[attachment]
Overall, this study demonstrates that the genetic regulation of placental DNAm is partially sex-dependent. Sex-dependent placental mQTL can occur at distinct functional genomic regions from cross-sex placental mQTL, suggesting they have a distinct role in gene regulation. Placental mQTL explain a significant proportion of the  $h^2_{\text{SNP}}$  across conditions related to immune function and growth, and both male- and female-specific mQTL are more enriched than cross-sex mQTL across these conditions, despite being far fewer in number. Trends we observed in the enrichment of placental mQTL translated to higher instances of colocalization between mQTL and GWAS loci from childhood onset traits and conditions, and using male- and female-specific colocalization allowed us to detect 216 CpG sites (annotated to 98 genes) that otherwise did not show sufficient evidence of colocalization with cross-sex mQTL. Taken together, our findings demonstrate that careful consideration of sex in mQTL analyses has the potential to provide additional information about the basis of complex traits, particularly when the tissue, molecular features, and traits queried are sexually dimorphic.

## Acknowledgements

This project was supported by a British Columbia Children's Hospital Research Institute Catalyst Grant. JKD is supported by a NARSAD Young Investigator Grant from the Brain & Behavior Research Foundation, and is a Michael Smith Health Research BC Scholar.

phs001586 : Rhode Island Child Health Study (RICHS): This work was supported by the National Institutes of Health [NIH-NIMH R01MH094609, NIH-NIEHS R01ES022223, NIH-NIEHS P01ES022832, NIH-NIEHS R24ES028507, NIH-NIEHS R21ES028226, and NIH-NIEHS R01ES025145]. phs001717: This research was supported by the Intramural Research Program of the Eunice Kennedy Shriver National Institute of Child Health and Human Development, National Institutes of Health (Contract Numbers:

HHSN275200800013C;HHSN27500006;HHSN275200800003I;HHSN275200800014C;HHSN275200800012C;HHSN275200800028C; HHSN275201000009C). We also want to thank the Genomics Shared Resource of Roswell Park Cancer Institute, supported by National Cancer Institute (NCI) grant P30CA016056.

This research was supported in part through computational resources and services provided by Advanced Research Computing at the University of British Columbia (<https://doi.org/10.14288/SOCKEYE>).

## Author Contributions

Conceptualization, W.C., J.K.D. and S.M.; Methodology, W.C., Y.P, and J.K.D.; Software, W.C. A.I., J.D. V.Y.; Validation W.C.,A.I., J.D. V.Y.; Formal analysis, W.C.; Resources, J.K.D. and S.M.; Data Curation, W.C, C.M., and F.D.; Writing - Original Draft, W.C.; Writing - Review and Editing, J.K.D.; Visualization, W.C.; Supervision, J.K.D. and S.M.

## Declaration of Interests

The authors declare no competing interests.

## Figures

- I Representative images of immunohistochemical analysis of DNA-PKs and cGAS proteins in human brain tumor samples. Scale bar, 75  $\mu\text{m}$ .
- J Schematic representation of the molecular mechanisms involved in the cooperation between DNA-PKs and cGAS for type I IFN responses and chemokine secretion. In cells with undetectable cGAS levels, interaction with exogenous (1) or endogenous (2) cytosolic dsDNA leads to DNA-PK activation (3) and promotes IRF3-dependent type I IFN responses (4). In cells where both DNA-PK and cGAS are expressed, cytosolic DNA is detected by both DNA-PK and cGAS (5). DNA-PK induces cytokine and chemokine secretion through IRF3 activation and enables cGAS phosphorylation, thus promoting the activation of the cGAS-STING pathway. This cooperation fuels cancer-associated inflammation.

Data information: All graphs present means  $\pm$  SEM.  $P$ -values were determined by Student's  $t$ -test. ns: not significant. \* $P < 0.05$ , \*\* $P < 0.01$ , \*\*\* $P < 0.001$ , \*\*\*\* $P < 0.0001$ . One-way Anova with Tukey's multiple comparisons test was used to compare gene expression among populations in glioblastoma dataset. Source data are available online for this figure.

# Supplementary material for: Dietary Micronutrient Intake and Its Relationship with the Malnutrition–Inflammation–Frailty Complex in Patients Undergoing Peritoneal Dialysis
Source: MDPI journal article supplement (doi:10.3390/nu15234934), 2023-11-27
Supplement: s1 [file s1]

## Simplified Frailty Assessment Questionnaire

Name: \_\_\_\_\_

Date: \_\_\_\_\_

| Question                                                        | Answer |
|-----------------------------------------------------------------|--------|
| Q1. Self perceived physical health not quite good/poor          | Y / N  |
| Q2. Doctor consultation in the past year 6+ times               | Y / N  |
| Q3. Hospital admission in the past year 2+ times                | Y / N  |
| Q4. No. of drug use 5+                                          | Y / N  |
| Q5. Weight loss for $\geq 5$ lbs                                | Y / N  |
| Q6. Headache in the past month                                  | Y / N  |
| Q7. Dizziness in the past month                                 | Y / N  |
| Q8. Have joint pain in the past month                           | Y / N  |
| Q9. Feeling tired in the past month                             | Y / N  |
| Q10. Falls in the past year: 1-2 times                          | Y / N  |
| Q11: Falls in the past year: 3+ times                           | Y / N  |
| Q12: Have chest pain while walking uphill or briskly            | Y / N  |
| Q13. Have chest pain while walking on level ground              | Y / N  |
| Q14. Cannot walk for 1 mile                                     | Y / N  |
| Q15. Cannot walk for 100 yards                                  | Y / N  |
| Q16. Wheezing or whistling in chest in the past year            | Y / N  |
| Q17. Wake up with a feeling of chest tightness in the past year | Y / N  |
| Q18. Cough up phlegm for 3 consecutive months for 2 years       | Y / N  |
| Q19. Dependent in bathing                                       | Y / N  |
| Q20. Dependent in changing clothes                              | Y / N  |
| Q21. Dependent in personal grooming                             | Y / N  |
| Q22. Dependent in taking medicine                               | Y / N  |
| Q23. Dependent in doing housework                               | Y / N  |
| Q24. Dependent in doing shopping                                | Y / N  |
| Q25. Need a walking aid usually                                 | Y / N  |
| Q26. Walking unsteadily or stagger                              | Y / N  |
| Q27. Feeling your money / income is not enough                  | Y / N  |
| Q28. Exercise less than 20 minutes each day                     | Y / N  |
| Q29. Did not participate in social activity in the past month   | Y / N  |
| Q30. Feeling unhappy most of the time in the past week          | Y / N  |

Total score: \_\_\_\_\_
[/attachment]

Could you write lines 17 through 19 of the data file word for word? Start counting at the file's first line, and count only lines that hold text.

Supplement: s1 [file s1]

## Simplified Frailty Assessment Questionnaire

Name: \_\_\_\_\_